Wombats surprised with U.S. fans | The Triangle
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Wombats surprised with U.S. fans

The Wombats are currently touring the U.S. for the first time with a surprisingly large American fan base. The recently released “The Wombats Proudly Present…This Modern Glitch.” The Liverpool natives offer fun, clever lyrics.

If you don’t think the lyric “I like girls, girls and fast cars” can somehow be transformed into a profound and more complex statement than it appears to be on the surface, you haven’t listened to The Wombats. The Scouse indie trio writes fun, danceable songs with lyrics that have an unexpected cleverness and depth to them. These lyrics aren’t complex poetry; they contain lines that are often simple not empty like some of the pop songs making the Top 40.

Four years after their debut release, the Liverpool natives released “The Wombats Proudly Present … This Modern Glitch” in April of this year and are currently touring the United States to support it. The band is vastly more popular overseas but is rapidly gaining fans stateside. On Oct. 22 they sold out Johnny Brenda’s in Philadelphia, and The Triangle met up with drummer Dan Haggis and bassist Tord Overland-Knudsen to discuss touring, their albums and more.

The Triangle: How is the U.S. tour going so far?

Haggis: Amazingly well. We’ve only done two shows: New York and Washington. But we kind of did an acoustic show in Boston in a museum, which was pretty fun. But it’s been two of the best shows we’ve ever done in the States. We played Washington at this 9:30 club, and it was like sold out basically, and people knew the words. We’re kind of not used to that reaction over here. So it’s really good to see that it’s going on the right direction. We’re very excited for the rest of the tour.

TT: You play smaller venues in the U.S. than you do in Europe and other places. How is it different? Is it any harder for you … to get the crowd into it?

Haggis: It’s not more difficult, no. It’s very different. We’ve been in Australia recently and the U.K. Those two tours were literally between two and five thousand people like everywhere. And you get used to that kind of the ease with which you can get the crowd going and everyone knows the words. And it’s kind of really comfortable and fun. It’s like it looks easy almost. People sing along and you kind of get into the show routine whereas these are more chaotic. Like you don’t know how the crowd’s going to react, whether they’re going to know the songs. I find it almost more exciting.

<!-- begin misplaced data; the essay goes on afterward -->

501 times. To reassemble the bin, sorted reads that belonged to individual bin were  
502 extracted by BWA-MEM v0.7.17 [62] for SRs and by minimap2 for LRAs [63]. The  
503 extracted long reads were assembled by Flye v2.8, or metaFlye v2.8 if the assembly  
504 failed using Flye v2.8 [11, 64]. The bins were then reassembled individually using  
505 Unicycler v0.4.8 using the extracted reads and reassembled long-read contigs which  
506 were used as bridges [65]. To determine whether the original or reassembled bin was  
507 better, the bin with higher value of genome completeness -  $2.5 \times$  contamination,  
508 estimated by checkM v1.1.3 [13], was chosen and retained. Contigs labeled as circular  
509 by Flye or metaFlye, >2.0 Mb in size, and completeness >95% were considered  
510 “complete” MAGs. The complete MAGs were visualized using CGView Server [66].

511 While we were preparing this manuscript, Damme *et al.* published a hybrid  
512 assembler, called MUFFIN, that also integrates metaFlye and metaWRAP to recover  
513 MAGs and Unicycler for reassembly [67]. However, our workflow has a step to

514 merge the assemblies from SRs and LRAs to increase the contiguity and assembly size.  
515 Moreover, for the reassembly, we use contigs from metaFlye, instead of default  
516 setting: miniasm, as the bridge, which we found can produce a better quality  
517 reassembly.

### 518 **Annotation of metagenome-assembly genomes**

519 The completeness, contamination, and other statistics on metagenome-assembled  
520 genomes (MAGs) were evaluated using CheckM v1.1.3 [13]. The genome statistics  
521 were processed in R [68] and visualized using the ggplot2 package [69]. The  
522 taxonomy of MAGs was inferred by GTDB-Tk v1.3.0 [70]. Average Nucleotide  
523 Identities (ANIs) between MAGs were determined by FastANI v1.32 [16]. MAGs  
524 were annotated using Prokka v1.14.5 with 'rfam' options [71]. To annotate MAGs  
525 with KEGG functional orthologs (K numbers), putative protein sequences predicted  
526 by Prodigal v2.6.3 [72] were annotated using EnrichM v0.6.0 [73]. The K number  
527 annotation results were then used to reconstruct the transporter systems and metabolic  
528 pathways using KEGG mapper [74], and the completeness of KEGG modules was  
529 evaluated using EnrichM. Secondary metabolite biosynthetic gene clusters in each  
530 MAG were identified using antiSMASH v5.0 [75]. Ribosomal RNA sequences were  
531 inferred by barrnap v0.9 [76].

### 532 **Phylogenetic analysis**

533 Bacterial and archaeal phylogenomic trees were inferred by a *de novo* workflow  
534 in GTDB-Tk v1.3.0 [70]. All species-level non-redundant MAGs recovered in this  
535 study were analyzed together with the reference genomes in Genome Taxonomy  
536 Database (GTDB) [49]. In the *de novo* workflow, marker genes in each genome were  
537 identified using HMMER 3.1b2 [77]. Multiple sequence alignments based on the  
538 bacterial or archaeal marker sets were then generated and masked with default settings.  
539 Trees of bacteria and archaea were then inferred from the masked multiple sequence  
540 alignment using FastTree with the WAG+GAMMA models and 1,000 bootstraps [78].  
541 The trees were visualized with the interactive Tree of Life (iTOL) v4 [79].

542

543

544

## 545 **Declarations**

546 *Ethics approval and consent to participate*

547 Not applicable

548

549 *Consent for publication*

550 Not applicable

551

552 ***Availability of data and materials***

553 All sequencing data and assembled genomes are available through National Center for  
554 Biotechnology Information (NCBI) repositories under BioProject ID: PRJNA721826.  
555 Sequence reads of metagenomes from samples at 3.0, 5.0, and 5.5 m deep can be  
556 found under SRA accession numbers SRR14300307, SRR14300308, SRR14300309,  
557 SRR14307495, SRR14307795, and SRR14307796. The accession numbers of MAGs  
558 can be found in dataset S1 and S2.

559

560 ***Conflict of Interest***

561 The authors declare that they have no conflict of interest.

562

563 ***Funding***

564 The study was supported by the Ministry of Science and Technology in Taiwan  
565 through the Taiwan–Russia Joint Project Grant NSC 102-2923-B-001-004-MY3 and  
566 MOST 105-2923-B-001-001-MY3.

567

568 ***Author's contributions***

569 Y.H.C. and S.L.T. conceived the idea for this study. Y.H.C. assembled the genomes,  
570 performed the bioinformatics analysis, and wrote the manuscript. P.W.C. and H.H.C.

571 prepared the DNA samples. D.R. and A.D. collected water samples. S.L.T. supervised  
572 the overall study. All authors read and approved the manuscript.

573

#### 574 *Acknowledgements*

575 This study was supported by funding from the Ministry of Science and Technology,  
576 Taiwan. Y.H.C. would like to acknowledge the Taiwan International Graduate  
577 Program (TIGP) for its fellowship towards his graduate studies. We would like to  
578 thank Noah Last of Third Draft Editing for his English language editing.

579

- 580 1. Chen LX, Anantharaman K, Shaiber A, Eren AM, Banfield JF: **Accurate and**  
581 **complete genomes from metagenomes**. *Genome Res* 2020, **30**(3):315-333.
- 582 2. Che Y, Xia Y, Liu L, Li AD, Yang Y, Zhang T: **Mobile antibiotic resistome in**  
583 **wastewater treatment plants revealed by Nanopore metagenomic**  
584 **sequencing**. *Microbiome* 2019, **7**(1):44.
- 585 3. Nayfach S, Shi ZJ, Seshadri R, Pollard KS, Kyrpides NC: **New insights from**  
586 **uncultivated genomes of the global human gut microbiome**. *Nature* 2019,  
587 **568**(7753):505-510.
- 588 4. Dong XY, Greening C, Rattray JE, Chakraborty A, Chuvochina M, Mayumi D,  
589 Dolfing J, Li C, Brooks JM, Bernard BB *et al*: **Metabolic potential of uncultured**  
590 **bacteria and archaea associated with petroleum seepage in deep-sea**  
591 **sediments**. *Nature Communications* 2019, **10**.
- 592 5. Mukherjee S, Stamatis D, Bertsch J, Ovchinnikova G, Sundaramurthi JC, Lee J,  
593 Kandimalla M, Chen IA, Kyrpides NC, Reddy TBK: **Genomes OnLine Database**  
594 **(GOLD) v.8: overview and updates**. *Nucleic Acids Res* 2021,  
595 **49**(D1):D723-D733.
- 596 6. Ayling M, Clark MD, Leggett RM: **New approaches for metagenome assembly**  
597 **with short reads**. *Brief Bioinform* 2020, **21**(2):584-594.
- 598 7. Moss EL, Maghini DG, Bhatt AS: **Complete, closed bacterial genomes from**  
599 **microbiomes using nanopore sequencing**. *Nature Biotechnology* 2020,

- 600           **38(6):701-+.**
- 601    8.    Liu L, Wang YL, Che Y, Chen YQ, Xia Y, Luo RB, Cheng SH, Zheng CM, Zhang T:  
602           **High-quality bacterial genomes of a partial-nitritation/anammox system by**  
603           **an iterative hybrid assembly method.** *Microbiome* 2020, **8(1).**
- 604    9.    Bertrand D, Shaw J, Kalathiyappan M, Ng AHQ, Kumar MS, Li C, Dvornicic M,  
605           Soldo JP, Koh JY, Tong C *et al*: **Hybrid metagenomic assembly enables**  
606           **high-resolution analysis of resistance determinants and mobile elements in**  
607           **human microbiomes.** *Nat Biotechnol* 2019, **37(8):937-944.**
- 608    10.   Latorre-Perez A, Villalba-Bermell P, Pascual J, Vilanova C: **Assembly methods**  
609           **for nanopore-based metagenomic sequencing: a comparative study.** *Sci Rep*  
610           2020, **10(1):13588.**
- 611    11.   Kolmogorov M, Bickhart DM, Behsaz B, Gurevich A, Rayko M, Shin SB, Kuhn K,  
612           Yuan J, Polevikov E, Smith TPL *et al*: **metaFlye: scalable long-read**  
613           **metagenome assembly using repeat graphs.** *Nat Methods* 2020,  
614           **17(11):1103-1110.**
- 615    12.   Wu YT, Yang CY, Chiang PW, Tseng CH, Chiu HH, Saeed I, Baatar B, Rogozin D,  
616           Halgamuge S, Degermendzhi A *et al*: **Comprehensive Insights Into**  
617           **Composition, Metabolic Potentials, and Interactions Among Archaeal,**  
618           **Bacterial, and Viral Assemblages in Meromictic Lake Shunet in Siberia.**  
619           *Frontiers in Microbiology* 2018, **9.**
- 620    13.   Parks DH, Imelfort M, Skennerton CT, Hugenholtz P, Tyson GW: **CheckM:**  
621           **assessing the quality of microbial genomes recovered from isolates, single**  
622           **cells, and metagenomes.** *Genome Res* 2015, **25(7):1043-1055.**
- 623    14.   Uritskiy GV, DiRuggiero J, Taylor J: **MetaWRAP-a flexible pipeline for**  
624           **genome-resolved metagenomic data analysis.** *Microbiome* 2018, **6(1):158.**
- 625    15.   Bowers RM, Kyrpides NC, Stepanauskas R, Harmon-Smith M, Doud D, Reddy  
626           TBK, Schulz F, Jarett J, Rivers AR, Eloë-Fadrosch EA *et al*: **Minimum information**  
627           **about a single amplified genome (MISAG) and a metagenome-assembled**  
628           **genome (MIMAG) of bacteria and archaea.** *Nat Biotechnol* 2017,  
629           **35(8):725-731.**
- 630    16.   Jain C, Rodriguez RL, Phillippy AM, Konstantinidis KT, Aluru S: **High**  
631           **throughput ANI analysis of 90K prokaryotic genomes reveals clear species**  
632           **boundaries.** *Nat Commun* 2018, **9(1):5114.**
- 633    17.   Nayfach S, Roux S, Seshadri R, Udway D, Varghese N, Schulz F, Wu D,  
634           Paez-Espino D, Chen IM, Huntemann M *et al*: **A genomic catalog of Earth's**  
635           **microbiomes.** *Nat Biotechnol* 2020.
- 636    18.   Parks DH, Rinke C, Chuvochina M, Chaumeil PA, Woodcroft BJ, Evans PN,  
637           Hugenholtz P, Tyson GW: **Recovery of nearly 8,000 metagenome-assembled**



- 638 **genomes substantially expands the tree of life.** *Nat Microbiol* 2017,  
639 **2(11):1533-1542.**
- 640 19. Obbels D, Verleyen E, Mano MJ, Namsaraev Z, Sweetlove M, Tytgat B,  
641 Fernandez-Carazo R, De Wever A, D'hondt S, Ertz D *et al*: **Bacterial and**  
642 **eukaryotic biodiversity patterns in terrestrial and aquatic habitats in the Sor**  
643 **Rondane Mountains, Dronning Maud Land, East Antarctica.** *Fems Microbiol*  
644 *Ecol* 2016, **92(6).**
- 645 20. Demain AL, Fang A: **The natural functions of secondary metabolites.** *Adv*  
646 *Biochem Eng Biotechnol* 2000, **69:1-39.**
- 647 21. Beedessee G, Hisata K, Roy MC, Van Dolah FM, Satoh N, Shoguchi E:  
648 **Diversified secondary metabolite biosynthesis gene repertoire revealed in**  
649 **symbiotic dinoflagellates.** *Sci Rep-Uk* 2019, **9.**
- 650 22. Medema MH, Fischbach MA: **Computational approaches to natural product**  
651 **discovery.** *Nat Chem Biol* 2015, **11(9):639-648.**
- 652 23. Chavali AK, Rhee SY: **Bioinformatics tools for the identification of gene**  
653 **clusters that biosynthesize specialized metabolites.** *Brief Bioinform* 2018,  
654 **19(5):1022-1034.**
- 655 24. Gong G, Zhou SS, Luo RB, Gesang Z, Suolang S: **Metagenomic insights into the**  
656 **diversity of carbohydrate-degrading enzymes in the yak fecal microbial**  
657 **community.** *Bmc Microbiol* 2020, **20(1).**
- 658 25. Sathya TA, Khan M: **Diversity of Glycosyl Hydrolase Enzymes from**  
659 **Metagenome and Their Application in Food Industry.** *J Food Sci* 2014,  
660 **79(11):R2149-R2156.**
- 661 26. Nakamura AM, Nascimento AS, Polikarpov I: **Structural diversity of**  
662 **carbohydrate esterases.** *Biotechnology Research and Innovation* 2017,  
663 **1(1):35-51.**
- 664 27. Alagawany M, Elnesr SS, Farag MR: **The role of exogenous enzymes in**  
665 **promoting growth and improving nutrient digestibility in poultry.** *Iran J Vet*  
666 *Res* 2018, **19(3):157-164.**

Overland-Knudsen: It’s not like the band and the audience. It’s like there’s not that much of a difference. Like we’re a group of people together in a room having fun together. That’s what it feels like. That feeling is nice.

Haggis: Yeah, it feels like the early days of the band as well, like when we started. There is a sense of like conquest, you know? We really want to convince people, even if there were only 50 people in the audience, we hope they have as good a time as possible. There is no difference between playing to 5,000 and 50 people. Like, it is the same in principle and we relish it.

TT: Is there anything you learned from the second album you think you’ll take to your third?

Haggis: I think we’re constantly, no matter whether it’s with the Wombats or it’s just programming on the bus or playing guitar acoustically, messing around. I think everything makes you better as a band as well. The better we get as musicians and producers or whatever the better, the more scope we get and different directions we can go in easily. So I think the main thing from this album is just that we experimented more than we did with the first album. I think we’ll be much more comfortable with synths and programming and generally playing to a click [track].

Overland-Knudsen: I think that’s the main thing.